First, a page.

The "news judgment" that's on display here is obvious. Can anyone imagine the Times suggesting to readers that they stop commemorating Pearl Harbor in 1947? Or to stop remembering John F. Kennedy in 1969, or Martin Luther King in 1974? Would anyone at the Times be willing to condemn these anniversaries when they are "crassly corporatized"?
It's very odd that Times publisher Arthur Sulzberger Jr. offered apologies to America's youth in a 2006 graduation speech that this country is so backward that it's still debating over the obvious delights of legalized abortions or "gay marriage" or untrammeled immigration, but Sulzberger's staff thinks the country desperately needs a debate over when to stop remembering Sept. 11.
Where the Times really betrays its pro-forgetfulness bias is when the academic experts arrive to say that too much remembrance suggests ... mental illness. "Mental health practitioners see a certain value in the growing fatigue," we're told. Charles Figley, director of Florida State University's Traumatology Institute, claimed: ''It's a good sign when people don't need an anniversary commemoration or demarcation. ... And it's not disrespectful to those who died.''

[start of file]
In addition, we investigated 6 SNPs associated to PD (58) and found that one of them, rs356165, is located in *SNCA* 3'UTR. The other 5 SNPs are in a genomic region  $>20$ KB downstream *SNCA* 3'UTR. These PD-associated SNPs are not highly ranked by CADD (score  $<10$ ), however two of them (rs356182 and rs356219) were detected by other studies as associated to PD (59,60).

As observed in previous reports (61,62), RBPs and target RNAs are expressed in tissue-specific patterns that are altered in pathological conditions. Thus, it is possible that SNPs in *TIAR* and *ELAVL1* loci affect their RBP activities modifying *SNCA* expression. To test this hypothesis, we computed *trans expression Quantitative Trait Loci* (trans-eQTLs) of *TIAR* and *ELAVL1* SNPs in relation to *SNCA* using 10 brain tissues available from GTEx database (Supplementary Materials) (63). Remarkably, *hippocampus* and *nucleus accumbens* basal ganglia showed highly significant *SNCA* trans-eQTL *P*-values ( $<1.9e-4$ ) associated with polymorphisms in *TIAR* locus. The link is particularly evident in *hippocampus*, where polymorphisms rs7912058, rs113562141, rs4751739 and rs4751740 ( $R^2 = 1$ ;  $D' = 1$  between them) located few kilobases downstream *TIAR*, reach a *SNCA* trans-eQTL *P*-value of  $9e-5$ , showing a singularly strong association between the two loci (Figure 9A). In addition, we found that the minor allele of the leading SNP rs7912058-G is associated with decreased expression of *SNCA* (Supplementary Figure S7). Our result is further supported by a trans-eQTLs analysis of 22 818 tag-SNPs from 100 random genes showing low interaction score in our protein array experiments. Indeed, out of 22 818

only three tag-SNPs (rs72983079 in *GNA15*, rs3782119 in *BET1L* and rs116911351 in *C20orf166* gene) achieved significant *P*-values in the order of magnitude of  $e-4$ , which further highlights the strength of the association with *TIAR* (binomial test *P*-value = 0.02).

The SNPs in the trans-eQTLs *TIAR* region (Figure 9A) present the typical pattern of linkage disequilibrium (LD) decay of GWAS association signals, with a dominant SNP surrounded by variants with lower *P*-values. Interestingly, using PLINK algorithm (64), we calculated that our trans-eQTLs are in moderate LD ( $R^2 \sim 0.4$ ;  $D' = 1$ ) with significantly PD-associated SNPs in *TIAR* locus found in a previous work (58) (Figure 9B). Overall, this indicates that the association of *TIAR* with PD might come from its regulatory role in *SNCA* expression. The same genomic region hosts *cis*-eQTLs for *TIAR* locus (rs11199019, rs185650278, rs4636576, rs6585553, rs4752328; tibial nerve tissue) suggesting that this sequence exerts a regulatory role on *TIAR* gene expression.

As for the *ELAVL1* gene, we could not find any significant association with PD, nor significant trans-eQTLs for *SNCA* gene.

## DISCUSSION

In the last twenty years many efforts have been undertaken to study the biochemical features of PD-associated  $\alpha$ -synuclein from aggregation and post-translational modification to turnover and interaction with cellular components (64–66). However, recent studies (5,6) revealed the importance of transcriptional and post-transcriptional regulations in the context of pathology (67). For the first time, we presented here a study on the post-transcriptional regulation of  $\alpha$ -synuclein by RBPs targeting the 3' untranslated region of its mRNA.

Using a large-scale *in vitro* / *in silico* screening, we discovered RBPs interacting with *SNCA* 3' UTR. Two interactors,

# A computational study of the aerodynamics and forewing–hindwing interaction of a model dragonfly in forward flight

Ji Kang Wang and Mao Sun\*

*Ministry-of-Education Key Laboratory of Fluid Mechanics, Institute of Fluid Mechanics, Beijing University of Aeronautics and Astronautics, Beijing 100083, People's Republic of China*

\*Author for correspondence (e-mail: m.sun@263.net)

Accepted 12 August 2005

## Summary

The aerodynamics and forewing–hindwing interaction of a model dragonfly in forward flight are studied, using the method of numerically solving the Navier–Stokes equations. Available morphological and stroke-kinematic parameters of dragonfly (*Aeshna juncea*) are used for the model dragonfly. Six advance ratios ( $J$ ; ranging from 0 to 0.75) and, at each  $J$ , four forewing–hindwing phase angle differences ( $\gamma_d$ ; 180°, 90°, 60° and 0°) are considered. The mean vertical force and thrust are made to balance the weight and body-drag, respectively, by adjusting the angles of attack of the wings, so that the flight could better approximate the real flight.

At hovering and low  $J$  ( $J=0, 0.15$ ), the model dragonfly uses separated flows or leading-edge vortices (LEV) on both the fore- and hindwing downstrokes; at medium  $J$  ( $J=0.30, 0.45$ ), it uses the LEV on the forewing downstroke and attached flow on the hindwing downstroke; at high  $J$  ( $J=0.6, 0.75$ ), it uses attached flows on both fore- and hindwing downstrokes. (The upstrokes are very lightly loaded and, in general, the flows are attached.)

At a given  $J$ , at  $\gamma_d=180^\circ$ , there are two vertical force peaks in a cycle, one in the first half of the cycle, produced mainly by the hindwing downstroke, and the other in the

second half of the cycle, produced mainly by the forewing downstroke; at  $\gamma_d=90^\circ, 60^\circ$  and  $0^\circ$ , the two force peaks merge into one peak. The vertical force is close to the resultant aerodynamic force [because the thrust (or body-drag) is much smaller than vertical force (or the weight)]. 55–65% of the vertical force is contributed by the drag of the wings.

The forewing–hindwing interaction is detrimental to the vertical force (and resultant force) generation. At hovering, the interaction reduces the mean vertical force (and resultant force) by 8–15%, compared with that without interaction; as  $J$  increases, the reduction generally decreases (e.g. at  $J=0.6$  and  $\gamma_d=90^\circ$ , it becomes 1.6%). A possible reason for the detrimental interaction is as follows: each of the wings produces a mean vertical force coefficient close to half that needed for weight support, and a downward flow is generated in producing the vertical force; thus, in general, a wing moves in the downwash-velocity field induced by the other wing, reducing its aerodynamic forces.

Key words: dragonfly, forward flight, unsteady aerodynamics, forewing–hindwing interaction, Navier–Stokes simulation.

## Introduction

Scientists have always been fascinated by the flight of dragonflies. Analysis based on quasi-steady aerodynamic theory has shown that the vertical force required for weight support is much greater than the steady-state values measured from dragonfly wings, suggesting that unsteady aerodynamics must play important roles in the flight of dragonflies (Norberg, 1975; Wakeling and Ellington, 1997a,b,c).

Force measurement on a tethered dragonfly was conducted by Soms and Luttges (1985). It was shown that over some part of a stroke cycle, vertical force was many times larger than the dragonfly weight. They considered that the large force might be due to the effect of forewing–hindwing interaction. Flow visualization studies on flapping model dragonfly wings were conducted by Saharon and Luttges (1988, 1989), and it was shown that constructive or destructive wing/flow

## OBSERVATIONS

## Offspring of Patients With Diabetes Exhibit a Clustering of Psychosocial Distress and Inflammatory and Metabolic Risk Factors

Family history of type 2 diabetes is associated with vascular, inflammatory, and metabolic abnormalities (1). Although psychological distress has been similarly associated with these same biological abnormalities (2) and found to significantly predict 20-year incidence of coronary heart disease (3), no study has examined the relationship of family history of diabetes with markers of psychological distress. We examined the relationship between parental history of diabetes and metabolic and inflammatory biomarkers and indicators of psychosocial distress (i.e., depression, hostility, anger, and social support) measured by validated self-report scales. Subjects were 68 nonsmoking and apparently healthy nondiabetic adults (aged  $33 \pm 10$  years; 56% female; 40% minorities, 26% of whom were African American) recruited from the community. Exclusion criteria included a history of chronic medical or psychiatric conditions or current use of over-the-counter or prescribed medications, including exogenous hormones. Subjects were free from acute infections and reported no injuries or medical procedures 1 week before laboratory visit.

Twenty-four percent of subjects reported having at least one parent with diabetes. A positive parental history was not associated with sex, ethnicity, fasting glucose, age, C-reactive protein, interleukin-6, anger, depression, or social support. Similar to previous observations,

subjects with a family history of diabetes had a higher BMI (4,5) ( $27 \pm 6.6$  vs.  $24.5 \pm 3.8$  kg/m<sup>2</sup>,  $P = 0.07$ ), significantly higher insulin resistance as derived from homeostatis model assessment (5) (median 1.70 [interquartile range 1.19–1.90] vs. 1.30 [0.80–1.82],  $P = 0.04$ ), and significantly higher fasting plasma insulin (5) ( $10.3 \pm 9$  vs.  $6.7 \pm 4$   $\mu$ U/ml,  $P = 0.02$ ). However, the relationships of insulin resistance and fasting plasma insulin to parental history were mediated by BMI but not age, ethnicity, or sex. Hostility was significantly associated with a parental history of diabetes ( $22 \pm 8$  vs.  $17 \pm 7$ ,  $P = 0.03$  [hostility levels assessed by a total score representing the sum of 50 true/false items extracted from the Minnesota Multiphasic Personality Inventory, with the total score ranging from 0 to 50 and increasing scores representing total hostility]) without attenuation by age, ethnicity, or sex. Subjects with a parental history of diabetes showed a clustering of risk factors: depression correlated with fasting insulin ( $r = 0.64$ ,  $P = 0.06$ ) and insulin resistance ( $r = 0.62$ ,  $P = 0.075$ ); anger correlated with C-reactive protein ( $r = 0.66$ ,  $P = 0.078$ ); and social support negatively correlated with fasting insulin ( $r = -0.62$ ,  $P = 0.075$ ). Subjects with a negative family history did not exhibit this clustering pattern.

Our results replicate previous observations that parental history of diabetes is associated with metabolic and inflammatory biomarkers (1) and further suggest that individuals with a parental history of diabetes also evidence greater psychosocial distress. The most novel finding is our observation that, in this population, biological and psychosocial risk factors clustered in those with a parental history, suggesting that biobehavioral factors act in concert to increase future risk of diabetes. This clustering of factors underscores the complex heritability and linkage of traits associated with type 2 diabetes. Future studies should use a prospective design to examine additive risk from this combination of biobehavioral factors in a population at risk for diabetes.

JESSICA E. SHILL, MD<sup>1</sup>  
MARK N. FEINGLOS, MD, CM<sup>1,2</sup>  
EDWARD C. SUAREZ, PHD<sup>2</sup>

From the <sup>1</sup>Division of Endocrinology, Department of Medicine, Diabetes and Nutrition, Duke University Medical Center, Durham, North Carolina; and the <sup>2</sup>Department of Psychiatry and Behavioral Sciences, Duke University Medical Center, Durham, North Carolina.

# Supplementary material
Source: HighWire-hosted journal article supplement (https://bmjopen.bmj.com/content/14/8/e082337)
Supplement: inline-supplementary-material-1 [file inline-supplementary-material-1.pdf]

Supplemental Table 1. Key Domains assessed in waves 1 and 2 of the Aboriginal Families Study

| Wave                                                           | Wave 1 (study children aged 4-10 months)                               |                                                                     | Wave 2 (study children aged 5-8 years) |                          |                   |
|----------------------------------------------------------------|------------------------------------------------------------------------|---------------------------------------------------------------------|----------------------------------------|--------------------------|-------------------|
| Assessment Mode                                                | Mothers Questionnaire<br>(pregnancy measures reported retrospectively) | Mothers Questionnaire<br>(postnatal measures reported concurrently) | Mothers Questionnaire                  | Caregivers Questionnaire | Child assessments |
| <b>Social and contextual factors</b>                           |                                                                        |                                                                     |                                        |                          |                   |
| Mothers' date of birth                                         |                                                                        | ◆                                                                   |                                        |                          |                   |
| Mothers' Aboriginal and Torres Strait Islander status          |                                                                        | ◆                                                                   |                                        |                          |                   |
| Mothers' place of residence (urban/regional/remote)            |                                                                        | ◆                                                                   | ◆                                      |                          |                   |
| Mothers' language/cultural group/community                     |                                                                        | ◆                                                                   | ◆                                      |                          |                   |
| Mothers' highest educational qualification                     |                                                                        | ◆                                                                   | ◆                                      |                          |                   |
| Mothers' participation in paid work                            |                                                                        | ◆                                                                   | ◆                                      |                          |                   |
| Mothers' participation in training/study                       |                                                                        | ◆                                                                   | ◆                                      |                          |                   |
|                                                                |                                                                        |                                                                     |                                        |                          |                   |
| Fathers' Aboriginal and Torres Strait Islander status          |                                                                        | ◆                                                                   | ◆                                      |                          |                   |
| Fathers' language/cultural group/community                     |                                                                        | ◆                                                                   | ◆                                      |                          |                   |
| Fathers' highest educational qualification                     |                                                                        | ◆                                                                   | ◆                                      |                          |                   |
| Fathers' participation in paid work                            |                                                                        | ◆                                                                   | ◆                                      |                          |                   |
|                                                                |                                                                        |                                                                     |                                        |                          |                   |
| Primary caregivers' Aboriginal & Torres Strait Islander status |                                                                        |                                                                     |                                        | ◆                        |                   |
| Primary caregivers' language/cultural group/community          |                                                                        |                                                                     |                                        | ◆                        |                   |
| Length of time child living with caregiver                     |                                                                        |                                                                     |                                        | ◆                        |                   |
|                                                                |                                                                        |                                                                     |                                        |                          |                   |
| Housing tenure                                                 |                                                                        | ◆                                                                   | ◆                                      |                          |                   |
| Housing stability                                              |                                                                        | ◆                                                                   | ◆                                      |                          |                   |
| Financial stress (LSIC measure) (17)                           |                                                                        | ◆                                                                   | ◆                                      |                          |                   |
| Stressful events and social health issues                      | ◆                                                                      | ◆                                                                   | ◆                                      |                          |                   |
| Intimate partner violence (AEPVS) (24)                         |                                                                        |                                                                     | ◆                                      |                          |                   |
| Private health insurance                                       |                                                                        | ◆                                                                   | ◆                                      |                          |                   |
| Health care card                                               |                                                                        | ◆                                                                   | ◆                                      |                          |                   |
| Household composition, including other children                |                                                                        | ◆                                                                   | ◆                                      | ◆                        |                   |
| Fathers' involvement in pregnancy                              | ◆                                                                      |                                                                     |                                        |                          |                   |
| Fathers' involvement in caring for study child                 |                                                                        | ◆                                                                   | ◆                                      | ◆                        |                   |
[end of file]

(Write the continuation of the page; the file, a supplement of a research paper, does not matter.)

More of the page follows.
National Public Radio picked up the New York Times ball and ran with it. On the afternoon chat show "Talk of the Nation," guest host John Donvan interviewed Dr. Figley, and compared 9-11 events under the Bush administration to his time covering the Soviet Union for ABC. He said the Soviets were aggressive about commemorating World War II, but "I had a distinct sense that there was a political purpose to that in the former Soviet Union. It was to galvanize and legitimize the Soviet government's role because they beat back the Nazis. And again, I think this keeps coming back to your point that people will make use of anniversaries for political purposes as well as personal, psychological purposes."
America can certainly have a debate over how ( to commemorate 9-11, as we can see from some of the questionable monuments that bureaucrats have tried to create in remembrance of the lost. But just as liberals would insist it's political to pin your campaign on a "war on terror," it's also obviously political -- and much more callous -- to insist that the war on terror is a yellowed page, and it's time for Americans, citizens and mourners alike, to call off the 9-11 events and pursue more constructive activities, like sticking our heads in the sand.